The Engineer’s Constant – A Stereotype about Engineers


The engineer’s constant is 3.  We don’t need to be accurate so we round e to 3 and pi to 3, and also g is 10.



I collected this piece from a physics lab partner who is also an astronautical engineering major at the University of Southern California.  Some of our calculations were off, so he joked about rounding the final answer to three.  When I asked why, he explained that three is the engineer’s constant.  As such, three would be a good alternate answer if we could not find the error in our calculations.  The informant said that he found the engineer’s constant for the first time on an engineering meme page.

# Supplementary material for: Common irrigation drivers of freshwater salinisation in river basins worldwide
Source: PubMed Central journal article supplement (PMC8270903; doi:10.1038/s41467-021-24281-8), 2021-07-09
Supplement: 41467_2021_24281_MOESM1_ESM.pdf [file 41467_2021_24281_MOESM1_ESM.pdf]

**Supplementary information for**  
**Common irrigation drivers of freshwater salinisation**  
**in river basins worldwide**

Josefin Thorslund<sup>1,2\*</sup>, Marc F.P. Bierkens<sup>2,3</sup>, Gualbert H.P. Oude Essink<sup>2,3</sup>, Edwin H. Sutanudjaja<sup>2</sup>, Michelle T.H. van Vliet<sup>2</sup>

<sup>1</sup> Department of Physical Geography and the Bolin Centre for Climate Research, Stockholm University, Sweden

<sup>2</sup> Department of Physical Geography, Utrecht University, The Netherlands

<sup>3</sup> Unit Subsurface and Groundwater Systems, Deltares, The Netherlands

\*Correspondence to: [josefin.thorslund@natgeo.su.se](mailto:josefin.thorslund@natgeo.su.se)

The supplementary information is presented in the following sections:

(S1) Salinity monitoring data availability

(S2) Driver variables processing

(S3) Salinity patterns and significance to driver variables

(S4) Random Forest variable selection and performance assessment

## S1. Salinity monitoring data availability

This short piece actually reveals a bit about the culture of engineers, including their work habits and particularly stereotypes about them.  I have heard of the stereotype that engineers are not always the most accurate, and that they are quite liberal when rounding or making approximations.  There are also jokes about how engineering students should not be trusted with any technical applications of their studies because of this.  I think the stereotype comes from the fact that engineers often do quick, back of the envelope approximations of things in order to get a sense of what they are working with before they dive into the more detailed computations.  Furthermore, sometimes the exact answer is not as significant as getting the correct order of approximation.  My astronautical engineering professor has actually done this during class multiple times because the exact values of the computations were insignificant.  In most cases, he rounds the gravity constant from 9.8 to 10.  By extension, we round commonly used constants such as Euler’s number and pi to 3 for ease of computation as well.  As such, those outside of engineering may mistake this as what we primarily rely on when we work.  The stereotype is not insulting to engineers though, in fact, engineers themselves have also made jokes about it as seen on engineering meme pages.  The potentially insulting stereotype is countered by fully embracing it and taking pride in it as part of the group identity of engineers.  What this short piece reveals is how stereotypes may emerge about a group from those who are not in it, as well as how taking pride in these opinions can counter them and become a part of your identity as a member of that group.  In this case, the stereotype is about how engineers appear to be very generous in approximation, but engineers embrace this by claiming the engineer’s constant.